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The following content was created by WebMD and is part of an educational collaboration between WebMD and The U.S. Department of Health and Human Services Office on Women's Health.

Slideshow: Women, Nutrition and Health Care Reform

Calcium

Calcium is all about building strong bones. It’s really important as women age. The Affordable Care Act requires most plans to cover testing for many women over 60, who have a greater chance of getting osteoporosis, or weak bones.

Dairy products, calcium-fortified drinks such as soy milk, and fortified juice are good sources. Women who are under 50, pregnant, or nursing should get 1,000 milligrams a day. Women over 50 need 1,200 milligrams a day. That equals three servings of low-fat, plain yogurt or nonfat milk.

Iron

Iron helps get oxygen to cells. Too little iron leads to anemia, which can make you feel tired. The Affordable Care Act requires most plans to cover anemia screenings for most pregnant women with private health coverage.  

Good sources include lean beef, turkey, and chicken, as well as beans and fortified cereals. Here are some ways to get the iron you need:

  • Women 19-50: 18 milligrams/day = 3/4 cup 100% fortified cereal
  • Women 50+: 8 mg/day = 1 cup soybeans
  • Pregnant women: 27 mg/day = 3/4 cup fortified cereal + 1 cup soybeans + 1/2 cup spinach

If you have anemia because of too little iron, you may need to take iron pills.

Vitamin D

Vitamin D helps your body absorb calcium, which you need for strong bones. If you’re over 60 and have a higher chance of getting osteoporosis, or thinning bones, you can be tested for it without charge under the Affordable Care Act, under most health insurance plans.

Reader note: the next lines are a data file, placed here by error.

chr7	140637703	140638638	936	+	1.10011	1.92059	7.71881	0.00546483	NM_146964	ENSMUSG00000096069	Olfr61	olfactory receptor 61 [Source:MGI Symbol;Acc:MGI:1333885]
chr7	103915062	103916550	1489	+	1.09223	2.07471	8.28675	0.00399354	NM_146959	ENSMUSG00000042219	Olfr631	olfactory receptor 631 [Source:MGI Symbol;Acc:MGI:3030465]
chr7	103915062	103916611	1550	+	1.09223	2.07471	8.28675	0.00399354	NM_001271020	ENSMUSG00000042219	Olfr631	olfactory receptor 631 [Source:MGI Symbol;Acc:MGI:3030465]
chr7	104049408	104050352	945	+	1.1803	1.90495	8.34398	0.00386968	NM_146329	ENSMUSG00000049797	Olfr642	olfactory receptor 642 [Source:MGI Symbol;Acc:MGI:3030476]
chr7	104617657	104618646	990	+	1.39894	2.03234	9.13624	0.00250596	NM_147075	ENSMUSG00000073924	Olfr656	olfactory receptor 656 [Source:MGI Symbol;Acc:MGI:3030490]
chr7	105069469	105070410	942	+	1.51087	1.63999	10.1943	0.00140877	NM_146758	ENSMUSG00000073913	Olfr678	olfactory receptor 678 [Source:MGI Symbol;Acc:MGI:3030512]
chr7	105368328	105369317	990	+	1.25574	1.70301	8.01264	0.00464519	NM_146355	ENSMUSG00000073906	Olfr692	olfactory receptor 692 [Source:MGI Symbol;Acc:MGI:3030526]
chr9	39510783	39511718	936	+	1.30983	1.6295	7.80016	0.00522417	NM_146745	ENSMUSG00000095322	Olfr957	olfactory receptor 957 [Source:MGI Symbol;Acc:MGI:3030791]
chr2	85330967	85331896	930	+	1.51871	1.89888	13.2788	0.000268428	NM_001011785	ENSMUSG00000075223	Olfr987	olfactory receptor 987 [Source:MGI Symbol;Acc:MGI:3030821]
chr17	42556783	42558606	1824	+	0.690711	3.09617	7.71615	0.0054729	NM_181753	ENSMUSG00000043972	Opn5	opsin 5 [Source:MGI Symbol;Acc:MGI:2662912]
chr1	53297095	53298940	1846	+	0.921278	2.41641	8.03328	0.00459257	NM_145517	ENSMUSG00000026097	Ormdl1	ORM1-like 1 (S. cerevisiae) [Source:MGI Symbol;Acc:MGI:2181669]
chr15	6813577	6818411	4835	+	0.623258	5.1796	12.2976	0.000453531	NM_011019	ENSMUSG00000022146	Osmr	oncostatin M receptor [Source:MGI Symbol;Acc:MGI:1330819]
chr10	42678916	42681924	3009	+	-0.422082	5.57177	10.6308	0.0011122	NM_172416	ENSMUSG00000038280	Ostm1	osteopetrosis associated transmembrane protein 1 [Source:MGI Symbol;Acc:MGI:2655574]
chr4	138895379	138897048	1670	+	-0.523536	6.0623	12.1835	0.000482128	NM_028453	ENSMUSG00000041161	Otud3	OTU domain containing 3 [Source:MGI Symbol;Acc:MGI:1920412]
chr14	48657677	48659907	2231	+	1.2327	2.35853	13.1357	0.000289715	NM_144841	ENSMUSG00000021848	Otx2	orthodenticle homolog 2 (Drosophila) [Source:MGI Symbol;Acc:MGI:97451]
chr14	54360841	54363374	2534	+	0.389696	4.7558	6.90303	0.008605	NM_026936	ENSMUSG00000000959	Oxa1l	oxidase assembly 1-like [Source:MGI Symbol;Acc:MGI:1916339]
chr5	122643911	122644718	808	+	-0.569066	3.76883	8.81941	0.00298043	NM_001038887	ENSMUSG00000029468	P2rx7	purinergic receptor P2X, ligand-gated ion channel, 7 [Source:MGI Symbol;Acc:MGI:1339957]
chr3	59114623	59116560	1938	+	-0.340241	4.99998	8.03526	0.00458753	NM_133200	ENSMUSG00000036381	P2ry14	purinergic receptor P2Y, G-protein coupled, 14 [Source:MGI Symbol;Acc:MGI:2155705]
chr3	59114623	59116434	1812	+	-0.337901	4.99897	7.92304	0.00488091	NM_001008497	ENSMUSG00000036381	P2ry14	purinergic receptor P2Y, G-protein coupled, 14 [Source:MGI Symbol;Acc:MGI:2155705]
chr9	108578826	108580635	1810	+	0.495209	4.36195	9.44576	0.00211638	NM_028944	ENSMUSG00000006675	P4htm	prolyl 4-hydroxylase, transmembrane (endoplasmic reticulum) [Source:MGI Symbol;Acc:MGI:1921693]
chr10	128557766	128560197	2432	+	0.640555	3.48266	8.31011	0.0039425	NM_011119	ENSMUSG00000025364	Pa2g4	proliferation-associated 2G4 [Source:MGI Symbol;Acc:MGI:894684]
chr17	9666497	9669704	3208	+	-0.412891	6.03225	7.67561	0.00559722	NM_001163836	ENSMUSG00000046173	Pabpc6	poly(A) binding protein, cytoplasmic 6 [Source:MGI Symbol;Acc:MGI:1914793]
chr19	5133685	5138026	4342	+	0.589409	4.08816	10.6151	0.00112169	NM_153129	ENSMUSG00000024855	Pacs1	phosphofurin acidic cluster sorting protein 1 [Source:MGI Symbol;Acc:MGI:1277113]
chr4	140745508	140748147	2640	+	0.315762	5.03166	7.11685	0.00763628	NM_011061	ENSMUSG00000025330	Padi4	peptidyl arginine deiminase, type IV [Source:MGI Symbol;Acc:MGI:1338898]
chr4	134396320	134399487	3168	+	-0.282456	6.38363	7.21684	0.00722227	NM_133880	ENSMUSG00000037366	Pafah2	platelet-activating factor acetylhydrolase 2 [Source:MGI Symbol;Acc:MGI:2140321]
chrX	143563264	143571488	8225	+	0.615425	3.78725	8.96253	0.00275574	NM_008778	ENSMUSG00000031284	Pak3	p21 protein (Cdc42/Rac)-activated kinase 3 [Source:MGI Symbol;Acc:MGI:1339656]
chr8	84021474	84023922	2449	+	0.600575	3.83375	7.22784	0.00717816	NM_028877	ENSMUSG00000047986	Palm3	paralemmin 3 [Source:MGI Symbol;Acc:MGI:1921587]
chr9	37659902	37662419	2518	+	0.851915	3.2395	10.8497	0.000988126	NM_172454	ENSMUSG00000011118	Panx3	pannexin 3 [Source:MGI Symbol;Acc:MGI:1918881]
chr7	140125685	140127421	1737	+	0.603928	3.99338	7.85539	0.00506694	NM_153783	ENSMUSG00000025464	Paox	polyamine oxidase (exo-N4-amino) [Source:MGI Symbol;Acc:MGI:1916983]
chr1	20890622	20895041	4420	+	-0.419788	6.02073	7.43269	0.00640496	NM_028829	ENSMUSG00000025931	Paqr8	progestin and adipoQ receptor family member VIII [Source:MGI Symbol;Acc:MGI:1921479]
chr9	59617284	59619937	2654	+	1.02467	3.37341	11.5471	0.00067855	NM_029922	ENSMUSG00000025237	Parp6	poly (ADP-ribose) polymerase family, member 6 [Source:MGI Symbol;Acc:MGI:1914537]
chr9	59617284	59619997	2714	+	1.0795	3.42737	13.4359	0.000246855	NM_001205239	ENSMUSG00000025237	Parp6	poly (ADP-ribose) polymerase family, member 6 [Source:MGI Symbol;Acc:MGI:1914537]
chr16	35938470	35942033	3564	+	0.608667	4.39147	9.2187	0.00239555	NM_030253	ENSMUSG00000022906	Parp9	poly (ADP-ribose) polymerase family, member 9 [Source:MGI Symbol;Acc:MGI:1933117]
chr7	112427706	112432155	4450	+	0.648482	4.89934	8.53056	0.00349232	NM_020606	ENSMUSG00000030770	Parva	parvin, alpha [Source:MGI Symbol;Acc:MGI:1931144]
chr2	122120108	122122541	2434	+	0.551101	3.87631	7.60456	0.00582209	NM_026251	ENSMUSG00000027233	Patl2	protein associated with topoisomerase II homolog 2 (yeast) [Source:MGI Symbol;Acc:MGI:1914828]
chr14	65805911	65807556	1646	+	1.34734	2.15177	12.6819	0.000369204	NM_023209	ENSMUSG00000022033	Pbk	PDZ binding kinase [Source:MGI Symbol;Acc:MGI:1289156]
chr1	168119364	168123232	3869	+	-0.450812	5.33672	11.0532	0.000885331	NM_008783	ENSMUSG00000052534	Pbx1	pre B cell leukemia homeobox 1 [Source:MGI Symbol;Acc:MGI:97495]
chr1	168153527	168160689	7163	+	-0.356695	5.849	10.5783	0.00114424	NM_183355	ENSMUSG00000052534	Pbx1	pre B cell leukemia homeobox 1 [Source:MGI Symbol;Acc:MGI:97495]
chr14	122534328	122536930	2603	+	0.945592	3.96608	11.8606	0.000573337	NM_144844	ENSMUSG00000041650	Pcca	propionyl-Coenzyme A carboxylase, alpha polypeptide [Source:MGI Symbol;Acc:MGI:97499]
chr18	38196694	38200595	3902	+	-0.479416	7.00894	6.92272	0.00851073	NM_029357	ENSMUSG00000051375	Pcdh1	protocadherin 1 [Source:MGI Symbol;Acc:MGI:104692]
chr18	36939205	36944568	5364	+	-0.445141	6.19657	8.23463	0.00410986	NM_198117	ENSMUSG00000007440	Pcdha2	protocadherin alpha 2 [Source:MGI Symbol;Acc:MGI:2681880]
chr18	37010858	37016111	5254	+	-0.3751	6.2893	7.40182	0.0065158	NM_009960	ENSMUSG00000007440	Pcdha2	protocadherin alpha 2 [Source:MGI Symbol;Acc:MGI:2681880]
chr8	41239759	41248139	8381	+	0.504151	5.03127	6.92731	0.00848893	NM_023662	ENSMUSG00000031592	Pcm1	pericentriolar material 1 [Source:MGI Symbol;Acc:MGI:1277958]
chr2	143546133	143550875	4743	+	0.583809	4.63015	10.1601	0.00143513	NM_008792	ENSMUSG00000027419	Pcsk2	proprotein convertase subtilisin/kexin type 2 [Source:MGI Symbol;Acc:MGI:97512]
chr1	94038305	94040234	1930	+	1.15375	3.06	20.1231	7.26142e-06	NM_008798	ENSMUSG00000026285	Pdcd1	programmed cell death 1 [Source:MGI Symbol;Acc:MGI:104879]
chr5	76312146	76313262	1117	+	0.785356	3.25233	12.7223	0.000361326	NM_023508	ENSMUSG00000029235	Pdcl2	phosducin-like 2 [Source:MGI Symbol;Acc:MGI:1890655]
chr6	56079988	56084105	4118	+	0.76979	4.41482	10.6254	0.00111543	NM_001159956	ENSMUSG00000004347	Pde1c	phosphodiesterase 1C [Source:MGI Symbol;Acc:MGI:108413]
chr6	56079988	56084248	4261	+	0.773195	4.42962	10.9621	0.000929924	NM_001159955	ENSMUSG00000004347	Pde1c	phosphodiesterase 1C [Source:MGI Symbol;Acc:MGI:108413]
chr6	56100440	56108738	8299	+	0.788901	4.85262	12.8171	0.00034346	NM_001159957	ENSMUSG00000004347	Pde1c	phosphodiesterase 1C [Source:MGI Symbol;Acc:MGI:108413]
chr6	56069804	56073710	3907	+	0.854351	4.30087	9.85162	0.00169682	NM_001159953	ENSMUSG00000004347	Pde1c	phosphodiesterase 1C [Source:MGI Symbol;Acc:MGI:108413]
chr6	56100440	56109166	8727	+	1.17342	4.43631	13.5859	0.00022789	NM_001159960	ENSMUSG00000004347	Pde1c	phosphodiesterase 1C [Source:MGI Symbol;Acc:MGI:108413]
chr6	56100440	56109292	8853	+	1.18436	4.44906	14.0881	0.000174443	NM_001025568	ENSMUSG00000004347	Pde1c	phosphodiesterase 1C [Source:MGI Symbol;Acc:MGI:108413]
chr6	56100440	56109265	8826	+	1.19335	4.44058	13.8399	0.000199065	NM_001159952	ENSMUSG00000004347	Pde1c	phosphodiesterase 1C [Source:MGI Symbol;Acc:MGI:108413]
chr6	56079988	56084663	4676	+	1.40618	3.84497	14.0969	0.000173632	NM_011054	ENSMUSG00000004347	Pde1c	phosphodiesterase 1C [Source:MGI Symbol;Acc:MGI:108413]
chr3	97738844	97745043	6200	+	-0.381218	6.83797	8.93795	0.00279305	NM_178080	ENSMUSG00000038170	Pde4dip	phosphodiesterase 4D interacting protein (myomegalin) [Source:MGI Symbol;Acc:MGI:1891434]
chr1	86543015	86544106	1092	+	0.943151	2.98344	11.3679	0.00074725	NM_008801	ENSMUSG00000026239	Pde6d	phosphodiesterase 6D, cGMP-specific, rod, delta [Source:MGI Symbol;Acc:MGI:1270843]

Vitamin D is added to some dairy products and is found in fatty fish, like salmon and tuna. Women under 70 should get 600 international units of vitamin D daily. That's about 3 ounces of salmon and 1 cup of fortified orange juice. Women over 70 need 800 IU -- 3 ounces of salmon, 2 cups of milk, and 1 cup of fortified orange juice.

 

Folic Acid

Folic acid helps make DNA and helps your cells divide. It's very important during pregnancy for a healthy baby.

Find folic acid in green, leafy vegetables, fruit juices, nuts, and beans.  Women should get 400 micrograms daily. You can often get that from a serving of fortified cereal or bread. Women should get 600 mcg during pregnancy, or 500 mcg while breastfeeding. If you’re pregnant or plan to be, you should also take a folic acid pill. The Affordable Care Act requires most plans to cover folic acid pills without copays or deductibles for most privately insured women, if their provider gives them a prescription.  

Sodium

A high-salt diet can raise your chances of high blood pressure and stroke. These can lead to heart problems.

The Affordable Care Act requires most plans to cover blood pressure screenings under most private health plans.

Women should keep salt under 2,300 milligrams a day -- about 1 teaspoon. Even if you don't add salt, many processed and restaurant foods already have a lot of salt. If you're 50+, African-American, or have diabetes, high blood pressure, or kidney disease, keep sodium below 1,500 mg.

Heart Health